Monday, June 3, 2013

Partners in Intolerance, Part 1

The original email to Partners in Torah from Sholom R.
(Click to enlarge.)
 Several weeks ago, Partners In Torah's "Mentor Talk" email focused on an email sent in by an orthodox chavrusa [study partner] complaining that despite working with his partner for several years, his partner has made little progress and has not made any move to pull his children from public school and enroll them at least in a local non-orthodox Jewish day school. During the weeks that followed, Rabbi Meisels posted some of the advice that other "partners" sent in about this issue. Many were very adamantly opposed to public school, believing it to be a cesspool of immorality. Many expressed the same opinion regarding Conservative and Reform schools.
     What is especially upsetting in the original
email from "Sholom R." is that he believes that he has the right to insert himself into the decision-making process regarding how his study partner and significant other have chosen to educate their children. His non-orthodox study partner's decisions on how to educate his children "frustrates" him and he writes in, asking for advice on how to "get him to reconsider his decision." Ironically, the only word that comes to mind here regarding this email is "chutzpah."
Dov's response, part one. (Click to enlarge.)
     An emailed response from "Dov" on this issue prompted several responses to his take on this situation. "Dov" feels that no Jewish child should attend a public school. He elaborates in the second email to Rabbi Meisels, showing his clear lack of tolerance to anyone and any values that are not what he would consider to be Torah values. To him "the values being inculcated in the public schools are amoral to the point of immorality." In response to children in public schools learning about LGBT families, Dov claims that "militantly atheistic values utterly inimical to those of the Torah" are being promoted. He further claims that "public libraries have become mine fields to be negotiated cautiously," not considering that many non-orthodox families support libraries, public education, and liberal social values such as equality--the same equality that open-minded Jews supported back in the 1950s when fighting alongside civil rights activists for an end to segregation.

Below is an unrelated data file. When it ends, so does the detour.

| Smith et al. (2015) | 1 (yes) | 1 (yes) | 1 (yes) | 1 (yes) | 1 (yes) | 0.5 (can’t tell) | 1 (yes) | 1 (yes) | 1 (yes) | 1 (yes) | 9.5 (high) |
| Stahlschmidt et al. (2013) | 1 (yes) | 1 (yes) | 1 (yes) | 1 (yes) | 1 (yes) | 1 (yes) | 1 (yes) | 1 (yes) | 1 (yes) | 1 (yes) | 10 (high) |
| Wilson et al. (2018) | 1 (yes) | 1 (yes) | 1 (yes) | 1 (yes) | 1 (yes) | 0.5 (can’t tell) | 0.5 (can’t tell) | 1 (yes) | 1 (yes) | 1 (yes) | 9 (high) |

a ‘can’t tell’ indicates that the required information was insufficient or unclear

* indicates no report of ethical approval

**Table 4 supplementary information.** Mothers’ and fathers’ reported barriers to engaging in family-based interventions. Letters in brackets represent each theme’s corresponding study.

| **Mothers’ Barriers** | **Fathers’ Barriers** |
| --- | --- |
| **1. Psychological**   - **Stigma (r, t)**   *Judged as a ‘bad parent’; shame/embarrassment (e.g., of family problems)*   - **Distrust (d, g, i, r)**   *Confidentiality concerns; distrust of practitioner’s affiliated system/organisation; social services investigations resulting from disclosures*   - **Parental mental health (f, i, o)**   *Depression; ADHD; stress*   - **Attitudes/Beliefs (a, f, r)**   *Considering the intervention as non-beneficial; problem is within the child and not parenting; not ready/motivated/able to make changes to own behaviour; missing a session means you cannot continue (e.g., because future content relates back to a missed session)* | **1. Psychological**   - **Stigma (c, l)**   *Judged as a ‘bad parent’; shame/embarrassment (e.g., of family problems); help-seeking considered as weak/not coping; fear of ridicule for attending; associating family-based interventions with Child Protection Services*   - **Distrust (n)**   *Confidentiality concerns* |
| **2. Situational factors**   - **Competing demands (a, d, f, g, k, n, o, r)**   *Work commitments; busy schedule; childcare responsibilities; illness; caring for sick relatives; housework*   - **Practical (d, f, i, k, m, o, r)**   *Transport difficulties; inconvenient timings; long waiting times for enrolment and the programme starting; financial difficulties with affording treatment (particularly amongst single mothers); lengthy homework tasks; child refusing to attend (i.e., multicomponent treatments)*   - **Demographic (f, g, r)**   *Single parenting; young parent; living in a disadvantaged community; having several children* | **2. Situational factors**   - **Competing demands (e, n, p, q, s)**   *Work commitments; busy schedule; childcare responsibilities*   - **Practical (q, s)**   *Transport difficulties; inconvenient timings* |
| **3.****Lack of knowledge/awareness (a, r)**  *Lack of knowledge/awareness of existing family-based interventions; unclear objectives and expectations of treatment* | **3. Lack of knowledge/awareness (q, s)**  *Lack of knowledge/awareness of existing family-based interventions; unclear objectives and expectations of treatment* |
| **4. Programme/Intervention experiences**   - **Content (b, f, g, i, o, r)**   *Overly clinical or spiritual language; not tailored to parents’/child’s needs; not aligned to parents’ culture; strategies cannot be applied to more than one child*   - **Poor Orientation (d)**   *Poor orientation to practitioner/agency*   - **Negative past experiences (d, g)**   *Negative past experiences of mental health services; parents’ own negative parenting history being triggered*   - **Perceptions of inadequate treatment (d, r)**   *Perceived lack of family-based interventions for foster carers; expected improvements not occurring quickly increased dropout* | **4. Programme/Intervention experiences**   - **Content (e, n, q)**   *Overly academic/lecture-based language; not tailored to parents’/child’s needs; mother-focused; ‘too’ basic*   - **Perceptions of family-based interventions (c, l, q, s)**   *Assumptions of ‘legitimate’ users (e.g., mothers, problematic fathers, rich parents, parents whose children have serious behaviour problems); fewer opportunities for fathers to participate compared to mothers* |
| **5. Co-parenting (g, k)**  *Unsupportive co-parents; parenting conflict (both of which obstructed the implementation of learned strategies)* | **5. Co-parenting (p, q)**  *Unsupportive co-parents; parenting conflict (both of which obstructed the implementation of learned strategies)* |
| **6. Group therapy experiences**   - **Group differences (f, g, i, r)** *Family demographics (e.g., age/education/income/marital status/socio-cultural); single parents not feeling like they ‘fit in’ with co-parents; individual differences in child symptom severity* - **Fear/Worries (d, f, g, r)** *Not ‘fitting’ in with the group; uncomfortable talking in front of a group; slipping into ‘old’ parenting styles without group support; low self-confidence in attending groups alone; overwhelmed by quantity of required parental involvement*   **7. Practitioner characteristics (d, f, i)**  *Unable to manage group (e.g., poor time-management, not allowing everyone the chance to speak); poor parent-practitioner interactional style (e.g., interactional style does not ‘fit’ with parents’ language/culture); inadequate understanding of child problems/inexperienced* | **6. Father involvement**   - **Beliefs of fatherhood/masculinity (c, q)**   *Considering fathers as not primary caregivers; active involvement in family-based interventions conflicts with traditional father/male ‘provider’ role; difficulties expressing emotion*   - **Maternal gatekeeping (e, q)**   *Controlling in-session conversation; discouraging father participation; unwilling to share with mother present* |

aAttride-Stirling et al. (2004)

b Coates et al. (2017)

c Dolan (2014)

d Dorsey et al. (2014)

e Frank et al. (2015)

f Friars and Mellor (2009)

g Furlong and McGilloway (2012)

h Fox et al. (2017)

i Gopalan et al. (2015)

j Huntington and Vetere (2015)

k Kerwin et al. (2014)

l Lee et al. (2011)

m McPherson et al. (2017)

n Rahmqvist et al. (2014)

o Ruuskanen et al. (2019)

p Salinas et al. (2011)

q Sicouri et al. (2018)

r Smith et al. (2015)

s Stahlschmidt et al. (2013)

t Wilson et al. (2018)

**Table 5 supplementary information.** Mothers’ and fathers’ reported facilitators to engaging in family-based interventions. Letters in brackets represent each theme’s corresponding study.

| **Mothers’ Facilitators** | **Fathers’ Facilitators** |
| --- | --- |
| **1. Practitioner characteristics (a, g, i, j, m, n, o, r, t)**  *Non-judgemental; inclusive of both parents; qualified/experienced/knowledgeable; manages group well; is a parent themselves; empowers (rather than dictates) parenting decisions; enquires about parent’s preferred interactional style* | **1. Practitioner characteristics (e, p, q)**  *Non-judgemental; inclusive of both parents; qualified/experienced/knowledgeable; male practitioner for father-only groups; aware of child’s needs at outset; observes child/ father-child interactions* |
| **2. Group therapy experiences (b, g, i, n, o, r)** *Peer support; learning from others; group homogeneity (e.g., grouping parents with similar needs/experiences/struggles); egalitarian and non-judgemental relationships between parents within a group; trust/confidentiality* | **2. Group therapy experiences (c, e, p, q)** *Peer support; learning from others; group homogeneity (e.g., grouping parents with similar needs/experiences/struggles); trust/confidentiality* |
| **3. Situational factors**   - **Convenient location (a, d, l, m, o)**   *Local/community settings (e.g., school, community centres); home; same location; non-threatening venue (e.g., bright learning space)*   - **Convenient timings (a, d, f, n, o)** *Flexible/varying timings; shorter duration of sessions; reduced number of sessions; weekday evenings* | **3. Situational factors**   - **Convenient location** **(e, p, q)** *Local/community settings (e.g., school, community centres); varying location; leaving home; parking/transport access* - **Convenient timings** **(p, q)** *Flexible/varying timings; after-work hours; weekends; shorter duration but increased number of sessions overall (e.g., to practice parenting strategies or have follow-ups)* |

Dov's response, part two. (Click to enlarge.)
P.A.'s response. (Click to enlarge.)
    Taking this further was a response from P.A. who claims that "while it's true that public schools are bastions of filth ... it's naive to imagine that the problem does not exist in many Conservative, Reform, and pluralistic schools." P.A. then mentions that there is a "deviant lifestyle club" in a non-public, pluralistic school in his/her hometown. While I have my doubts that any school actually has a club that is called "the deviant lifestyle club," I find it very interesting that this writer is afraid to even mention the accepted name of this club. Is P.A. perhaps afraid that by saying "LGBT," he/she might catch a bit of gay? Perhaps P.A. is concerned that something will rub off on him/her. This blatant homophobia will be carefully hidden when learning with P.A.'s partner in Torah in order to keep the relationship growing. The people writing these responses to Rabbi Meisels of Partners in Torah are the same people who are getting on the phone with you, your college-aged child, your partner, and your friend, and exposing them to an orthodox approach to Judaism.